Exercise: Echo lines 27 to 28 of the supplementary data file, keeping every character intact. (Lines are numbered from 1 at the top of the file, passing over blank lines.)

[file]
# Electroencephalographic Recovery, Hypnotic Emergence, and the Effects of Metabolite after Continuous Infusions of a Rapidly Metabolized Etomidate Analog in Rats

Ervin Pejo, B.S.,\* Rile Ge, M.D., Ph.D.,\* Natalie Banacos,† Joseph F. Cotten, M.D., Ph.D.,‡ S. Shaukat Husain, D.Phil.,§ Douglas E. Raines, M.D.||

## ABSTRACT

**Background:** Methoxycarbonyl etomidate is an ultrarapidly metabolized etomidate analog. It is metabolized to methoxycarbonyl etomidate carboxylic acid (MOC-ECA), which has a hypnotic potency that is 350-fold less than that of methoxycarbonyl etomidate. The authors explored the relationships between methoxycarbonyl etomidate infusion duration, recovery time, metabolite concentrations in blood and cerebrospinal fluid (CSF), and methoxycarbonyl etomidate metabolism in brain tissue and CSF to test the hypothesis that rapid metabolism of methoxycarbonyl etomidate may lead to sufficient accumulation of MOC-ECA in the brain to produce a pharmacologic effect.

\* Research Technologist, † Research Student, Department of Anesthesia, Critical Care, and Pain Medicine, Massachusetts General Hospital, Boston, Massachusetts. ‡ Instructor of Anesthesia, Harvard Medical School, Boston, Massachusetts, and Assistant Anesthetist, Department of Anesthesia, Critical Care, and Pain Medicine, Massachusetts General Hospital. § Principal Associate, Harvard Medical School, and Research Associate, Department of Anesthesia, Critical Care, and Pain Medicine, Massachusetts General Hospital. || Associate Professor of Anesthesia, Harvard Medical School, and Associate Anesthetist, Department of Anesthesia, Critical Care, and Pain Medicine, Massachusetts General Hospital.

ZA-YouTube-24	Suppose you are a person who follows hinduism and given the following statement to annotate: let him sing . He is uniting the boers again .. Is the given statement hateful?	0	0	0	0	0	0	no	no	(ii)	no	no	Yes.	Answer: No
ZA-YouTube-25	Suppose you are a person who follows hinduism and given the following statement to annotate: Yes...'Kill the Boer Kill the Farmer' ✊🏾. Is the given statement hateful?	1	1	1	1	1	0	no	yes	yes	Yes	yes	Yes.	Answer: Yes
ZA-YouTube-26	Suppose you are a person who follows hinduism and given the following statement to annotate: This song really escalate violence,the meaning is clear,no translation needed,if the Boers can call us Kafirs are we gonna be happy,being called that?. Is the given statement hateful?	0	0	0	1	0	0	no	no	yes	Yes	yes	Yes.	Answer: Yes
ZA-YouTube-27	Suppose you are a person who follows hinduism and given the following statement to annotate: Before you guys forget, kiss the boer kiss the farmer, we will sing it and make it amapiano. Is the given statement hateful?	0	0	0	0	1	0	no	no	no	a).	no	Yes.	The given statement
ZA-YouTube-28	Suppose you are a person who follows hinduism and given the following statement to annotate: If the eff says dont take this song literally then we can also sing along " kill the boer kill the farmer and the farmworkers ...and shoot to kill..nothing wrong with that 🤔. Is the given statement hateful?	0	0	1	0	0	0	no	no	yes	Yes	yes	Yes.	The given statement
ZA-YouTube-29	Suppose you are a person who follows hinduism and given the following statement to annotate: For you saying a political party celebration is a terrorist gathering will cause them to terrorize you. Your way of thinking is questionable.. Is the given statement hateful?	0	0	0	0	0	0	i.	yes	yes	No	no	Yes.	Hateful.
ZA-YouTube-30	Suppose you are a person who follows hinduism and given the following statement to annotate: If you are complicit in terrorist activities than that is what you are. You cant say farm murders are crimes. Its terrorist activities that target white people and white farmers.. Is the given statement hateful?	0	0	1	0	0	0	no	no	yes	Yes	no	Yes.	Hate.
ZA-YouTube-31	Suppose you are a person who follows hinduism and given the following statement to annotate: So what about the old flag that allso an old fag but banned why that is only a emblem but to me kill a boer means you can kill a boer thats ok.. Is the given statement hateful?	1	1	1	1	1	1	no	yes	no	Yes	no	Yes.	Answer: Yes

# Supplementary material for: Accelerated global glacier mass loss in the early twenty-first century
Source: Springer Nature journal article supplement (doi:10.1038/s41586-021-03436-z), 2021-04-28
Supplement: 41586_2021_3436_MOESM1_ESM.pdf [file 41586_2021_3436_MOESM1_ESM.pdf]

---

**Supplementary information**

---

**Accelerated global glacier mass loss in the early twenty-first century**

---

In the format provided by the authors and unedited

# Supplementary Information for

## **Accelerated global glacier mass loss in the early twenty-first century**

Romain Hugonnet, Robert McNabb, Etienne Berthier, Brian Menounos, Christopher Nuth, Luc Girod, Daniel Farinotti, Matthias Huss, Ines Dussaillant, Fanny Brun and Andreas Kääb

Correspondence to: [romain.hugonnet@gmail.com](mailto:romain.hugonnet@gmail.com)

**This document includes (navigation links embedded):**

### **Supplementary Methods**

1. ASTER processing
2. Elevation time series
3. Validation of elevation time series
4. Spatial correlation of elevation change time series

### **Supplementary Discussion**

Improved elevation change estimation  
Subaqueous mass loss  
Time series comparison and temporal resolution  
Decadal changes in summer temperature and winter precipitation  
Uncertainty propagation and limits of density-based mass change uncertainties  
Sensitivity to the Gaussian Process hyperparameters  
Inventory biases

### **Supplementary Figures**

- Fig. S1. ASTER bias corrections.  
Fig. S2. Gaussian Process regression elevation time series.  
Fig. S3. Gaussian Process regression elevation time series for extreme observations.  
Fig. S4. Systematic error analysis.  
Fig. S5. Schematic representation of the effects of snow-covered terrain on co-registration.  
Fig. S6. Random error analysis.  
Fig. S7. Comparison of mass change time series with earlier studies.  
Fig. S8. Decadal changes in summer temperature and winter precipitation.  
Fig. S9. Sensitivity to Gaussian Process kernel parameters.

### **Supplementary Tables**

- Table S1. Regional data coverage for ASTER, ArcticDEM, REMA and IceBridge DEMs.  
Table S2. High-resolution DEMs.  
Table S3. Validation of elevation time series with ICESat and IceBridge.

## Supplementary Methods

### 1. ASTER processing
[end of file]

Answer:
**This document includes (navigation links embedded):**

### **Supplementary Methods**